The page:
This is easy. The "philosopher" you're interested in is Ayn Rand and the philosophy she created is called Objectivism. No one is better at defending selfishness than Ayn Rand, and she has quite a loyal following among libertarians. Her sole book I own is The Virtue of Selfishness and I personally couldn't stomach finishing it. That being said, I'm going to respond to your question as an absurdist who fundamentally rejects Ayn Rand as a charlatan.
Your irrational guilt is rational insofar as its a product of biological evolution. According to sociobiology, we have a genetic heritage which predisposes us to biological and psychological altruism. Caring about others serves to make us social creatures, and eusocial impulses and behaviors, along with language, have given us virtual dominion on this planet. There are certainly psychopaths and sociopaths who don't wrestle with any form of guilt, but the vast majority of us feel guilt, and it's not to hard to figure out that if you put $100,000 in the bank instead of send it off to feed, clothe, and buy medicine for children in a war torn country, and they die, you are in some nebulous way guilty of negligence. The doctrine of supererogation was cooked up to help us cope with this guilt. Martin Luther split the church in half because he opposed it. Thus, the "irrational guilt" you feel with has a deep and colorful history.
As an absurdist, let me just offer you some philosophy that might help you come to terms with your guilt. First, as Ayers held morals aren't about reason ultimately, they are about feelings. This doctrine of non-cognitive emotivism essentially suggests that no matter what philosophy you "cook up" to try to assuage yourself of guilt, you're just trying to pretend something about yourself that isn't true. Absurdism, if you read Camus carefully, sweeps aside all of the fancy philosophical doctrines as elaborate rationalizations. Thus, if you feel guilty because you know that you could do something to save dying children and you don't, well, you can find whatever argument you want to justify not feeling guilty, but that may not convince you deep down inside that you aren't allowing children to die. This would be a form of self-deception. Because honestly, you are allowing children to die. Anyone who has any means and spends it on frivolities instead of sending it to help others is guilty of that, and that's anyone who makes more than what they need to survive.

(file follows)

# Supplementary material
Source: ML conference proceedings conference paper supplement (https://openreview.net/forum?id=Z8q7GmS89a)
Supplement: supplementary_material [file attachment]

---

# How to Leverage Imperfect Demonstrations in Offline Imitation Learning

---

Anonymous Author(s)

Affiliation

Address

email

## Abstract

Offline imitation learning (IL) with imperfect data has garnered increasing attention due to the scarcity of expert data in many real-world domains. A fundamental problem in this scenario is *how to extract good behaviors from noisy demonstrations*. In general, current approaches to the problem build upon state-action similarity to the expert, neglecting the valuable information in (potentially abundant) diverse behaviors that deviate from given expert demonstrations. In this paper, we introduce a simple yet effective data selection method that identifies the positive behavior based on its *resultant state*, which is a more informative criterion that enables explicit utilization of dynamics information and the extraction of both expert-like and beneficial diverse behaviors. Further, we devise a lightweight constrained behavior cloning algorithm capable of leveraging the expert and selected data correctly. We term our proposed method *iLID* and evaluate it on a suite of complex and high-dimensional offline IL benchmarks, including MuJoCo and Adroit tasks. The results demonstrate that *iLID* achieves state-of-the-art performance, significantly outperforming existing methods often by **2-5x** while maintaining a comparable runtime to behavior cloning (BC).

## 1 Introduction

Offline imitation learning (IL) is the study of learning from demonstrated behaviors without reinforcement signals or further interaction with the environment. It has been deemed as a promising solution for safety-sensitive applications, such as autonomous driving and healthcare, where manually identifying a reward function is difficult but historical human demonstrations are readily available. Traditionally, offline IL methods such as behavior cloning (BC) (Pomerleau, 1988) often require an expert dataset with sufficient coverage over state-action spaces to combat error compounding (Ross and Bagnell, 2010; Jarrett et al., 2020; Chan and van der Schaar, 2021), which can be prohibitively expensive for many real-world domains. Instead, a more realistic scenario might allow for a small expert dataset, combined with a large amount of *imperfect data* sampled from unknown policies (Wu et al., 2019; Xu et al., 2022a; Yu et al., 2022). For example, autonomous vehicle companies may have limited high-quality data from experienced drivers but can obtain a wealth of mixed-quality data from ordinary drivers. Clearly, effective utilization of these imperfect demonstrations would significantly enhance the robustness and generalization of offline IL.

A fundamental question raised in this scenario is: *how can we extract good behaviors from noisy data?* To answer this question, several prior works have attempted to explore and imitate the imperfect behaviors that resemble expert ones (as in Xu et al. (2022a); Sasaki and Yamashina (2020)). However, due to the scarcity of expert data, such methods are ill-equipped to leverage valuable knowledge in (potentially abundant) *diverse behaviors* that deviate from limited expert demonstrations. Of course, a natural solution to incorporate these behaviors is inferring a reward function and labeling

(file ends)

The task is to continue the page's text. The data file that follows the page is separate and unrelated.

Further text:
The Christian mythos purports that God incarnated a son, performed a child sacrifice, and thereby absolved you of guilt for all sins, and letting children die by being selfish certainly qualifies. Therefore, if you are a Christian, you should find some comfort in that your original sin, your preference for your selfish behavior, in this instance, letting children in a foreign country die, will be forgiven by your maker. An absurdist, however, would point out that this is a scam just in the same way Objectivism is because all of the argumentation presented to you is just rationalization. It's pretending that a fancy logical argument is going to disabuse of your biological constitution to feel guilt when you are involved in causing through inaction others' suffering.
An absurdist, then, will simply you encourage you to accept that you are selfish, your selfishness does lead to others' suffering, and that no fancy doctrine, high philosophy, or logical argument will ever substantially change that. Just like you must accept that you will someday die, and that nothing you do has any grand cosmic significance, so too you are selfish and your existence and choices come at others' expense. To follow Objectivism or Christianity or Kant's Categorical Imperative all amount to a bunch of philosophical hooey to buy into a linguistic snake oil with the sole end of deceiving yourself.
This, of course, is not a justification to be selfish. It is a recognition, that like death, it is something you cannot prevent; at best you can influence it. You eat your vegetables and go for a run, you'll live longer; you donate some of your time to some needy people in your neighborhood, you'll feel less guilty. But you are neither immortal nor do you lack basic human decency, so you have to accept that you are simply limited. By embracing that, the guilt doesn't go away, but it doesn't distort your thinking. In fact, it makes it easier to see the distortion in thinking by the charlatans who promise you if you only believe in their philosophy, doctrine, or good book, you can find salvation. Ultimately the price of clear thinking is uncomfortable truths. Being an adult means accepting reality as it is, not as you want it to be.
So, read the Virtue of Selfishness. Maybe the words there will convince you it's not immoral to be selfish, but if you have any critical thinking skills, you'll find that what she is selling doesn't fundamentally absolve you of guilt. Nor should it. If you have the means to save lives and reduce suffering and you instead spend your time with frivolous entertainment, you are guilty. We all are.